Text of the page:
Downtown Toronto is exploding with condo apartments, many of which have those latest urban fashion accessories, kids and dogs. Berczy Park, right in the middle of everything, has to deal with the crowds and has been in need of repair. Montreal landscape architect Claude Cormier has completed a redesign that is getting ready for construction starting this fall. He presented the park at the Cultural Landscape Foundation's Leading with Landscape conference in Toronto.
Dogs are a big issue in Toronto parks; they need a place to play. Kids need a place to play too, and they don't mix well. Then there is the other group, adults without dogs or kids who don't particularly want to be around either. Berczy park is not big, and dealing with all this is a real challenge. Cormier meets the challenge by dividing it into three zones separated by diagonal walkways. However he breaks down barriers between the dog lovers and haters by creating a wonderful centerpiece in the plaza:
The continuing surge in the number of dog owners has been manifest into a signature and playful fountain that merges a classic Victorian two-tiered fountain with a menagerie of spouting life-sized dog figures. Inspired by the park’s past and present, it will become a destination in the city appealing to children and attracting visitors. A discrete and playful dog-watering trough around the perimeter of the granite fountain basin accommodates the thousands of dog visits expected in the park on a weekly basis.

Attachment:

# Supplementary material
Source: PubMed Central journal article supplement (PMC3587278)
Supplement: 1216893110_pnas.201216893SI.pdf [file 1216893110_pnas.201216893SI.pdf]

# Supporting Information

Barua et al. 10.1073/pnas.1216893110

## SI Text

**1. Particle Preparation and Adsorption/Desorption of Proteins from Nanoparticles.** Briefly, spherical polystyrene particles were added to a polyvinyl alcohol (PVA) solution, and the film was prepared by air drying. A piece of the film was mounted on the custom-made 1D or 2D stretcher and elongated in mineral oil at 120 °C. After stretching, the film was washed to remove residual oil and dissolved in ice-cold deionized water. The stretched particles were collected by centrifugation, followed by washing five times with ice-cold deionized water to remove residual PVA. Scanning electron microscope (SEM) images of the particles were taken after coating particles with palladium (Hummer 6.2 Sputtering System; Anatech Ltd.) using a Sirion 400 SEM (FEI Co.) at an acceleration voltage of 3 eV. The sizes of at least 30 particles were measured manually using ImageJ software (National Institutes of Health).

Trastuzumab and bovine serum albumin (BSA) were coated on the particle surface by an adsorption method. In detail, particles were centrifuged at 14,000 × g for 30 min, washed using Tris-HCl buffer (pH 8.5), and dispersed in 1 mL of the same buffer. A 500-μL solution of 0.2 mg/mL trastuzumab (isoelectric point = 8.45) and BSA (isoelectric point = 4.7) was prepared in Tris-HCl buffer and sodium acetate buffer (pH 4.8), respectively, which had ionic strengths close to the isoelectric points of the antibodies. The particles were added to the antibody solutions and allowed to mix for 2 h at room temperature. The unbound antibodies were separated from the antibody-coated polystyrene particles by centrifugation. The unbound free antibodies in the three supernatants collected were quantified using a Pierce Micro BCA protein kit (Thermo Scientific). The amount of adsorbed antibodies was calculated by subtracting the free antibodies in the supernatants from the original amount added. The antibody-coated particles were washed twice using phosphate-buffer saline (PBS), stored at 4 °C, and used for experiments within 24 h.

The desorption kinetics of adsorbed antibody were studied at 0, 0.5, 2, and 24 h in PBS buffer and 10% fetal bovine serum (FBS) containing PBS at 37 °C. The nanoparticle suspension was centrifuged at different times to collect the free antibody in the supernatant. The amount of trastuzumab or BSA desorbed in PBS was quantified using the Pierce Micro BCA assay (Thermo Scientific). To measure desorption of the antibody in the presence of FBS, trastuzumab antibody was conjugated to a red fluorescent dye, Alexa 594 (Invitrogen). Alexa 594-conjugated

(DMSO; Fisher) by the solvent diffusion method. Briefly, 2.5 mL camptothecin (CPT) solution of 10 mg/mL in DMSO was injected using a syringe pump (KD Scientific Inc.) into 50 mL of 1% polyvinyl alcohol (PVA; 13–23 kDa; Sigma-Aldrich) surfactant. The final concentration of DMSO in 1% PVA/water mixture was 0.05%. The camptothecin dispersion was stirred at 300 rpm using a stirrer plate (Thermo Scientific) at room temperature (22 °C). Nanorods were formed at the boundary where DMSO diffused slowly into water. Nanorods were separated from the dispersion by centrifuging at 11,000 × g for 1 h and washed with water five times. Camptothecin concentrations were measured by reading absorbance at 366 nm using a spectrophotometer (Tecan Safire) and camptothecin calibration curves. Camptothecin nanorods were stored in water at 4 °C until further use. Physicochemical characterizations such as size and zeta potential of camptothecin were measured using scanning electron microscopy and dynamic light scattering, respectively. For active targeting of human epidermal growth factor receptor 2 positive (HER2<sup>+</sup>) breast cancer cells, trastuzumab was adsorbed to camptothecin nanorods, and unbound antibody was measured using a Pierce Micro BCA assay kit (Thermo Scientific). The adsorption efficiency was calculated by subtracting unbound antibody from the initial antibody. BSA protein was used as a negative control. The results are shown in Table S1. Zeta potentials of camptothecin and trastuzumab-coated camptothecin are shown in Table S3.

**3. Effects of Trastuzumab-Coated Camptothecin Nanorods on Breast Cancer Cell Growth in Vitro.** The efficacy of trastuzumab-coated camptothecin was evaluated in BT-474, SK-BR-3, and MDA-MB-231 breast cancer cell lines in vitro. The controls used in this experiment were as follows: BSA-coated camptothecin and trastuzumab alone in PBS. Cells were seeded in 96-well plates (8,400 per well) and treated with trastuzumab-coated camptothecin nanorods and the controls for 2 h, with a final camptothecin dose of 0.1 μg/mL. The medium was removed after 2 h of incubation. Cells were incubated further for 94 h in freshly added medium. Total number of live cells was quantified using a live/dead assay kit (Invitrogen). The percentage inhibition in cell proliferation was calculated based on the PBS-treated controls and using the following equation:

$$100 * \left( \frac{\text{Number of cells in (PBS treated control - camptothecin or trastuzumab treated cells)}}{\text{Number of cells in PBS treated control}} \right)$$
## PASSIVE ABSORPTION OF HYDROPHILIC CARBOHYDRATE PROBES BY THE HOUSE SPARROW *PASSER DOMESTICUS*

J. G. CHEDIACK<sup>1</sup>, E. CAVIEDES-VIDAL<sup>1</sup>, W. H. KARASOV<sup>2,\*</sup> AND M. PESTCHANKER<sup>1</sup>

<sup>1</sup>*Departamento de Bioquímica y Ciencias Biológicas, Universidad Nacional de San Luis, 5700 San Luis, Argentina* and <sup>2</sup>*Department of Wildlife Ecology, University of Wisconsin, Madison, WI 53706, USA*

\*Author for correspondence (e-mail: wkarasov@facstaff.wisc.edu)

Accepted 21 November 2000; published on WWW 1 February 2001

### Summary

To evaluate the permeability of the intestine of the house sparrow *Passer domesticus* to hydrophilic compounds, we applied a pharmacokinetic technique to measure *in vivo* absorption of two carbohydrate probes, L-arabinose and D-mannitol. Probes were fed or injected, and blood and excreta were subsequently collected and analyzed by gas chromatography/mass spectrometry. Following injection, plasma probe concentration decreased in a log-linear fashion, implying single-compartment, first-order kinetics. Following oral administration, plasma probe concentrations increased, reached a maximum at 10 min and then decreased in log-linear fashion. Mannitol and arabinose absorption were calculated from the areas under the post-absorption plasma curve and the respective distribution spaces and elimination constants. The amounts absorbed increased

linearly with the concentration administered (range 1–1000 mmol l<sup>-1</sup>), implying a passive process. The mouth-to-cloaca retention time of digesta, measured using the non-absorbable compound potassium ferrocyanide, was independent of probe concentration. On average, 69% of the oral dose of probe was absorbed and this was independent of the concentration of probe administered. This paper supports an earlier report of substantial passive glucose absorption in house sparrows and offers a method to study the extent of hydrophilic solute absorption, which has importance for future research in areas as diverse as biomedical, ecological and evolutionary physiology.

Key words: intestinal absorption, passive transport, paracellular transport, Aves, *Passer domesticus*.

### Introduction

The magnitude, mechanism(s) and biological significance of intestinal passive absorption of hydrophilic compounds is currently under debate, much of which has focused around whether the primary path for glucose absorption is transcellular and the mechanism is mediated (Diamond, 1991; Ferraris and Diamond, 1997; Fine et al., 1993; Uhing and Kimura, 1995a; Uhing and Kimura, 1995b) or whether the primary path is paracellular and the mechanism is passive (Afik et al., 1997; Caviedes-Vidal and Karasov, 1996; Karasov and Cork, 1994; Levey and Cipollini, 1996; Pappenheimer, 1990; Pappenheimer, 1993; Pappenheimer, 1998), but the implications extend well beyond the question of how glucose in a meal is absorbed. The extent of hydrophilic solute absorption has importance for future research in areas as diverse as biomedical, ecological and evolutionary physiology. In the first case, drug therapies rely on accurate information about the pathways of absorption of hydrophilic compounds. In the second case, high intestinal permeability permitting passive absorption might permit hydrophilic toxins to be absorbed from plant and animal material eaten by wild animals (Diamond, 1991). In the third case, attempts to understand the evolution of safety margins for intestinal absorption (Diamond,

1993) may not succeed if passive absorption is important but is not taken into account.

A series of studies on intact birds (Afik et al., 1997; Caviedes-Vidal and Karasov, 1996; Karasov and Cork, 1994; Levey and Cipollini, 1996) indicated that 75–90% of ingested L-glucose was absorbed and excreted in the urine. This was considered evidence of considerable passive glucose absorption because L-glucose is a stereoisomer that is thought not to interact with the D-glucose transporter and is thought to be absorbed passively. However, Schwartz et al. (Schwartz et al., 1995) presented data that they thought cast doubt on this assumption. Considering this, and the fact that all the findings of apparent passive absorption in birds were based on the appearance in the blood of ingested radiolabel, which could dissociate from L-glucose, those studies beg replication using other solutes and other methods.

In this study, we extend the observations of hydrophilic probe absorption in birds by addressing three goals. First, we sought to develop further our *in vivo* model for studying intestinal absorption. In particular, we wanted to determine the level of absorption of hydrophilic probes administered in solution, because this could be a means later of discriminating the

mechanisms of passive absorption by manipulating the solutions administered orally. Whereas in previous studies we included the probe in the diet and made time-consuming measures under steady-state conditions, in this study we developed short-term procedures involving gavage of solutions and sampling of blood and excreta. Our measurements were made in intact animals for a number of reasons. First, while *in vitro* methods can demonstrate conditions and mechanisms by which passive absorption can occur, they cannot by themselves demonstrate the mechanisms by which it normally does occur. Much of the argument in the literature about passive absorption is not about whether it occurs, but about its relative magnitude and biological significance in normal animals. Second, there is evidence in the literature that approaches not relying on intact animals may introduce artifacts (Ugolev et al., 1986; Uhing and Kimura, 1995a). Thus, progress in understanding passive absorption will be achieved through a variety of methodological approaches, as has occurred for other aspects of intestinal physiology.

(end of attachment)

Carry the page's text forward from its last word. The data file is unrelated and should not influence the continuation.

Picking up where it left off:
Cormier had some trouble convincing the city that this was a good idea; they questioned whether you could mix dogs and art. So Cormier dug up all kinds of art to demonstrate that yes, you can.
The dogs are modelled after these cute German toy dogs, which are photographed and then cast in bronze. There is a trough filled with drinking water around the base of the fountain, and up at the very top is a very large bone.
It is a wonderful gesture. I would think even the "dogs don't belong in the city" types would smile at this and feel better about them. In an earlier talk, Chief Planner Jennifer Keesmat noted that cities are not places to drive through, they are places to be. This is certainly a place to be.
The prevailing dogma in Toronto is that everything is practical and expedient and cheap, and you don't spend money on frills like this. Claude Cormier ignores dogma and gives us dogs. Bravo.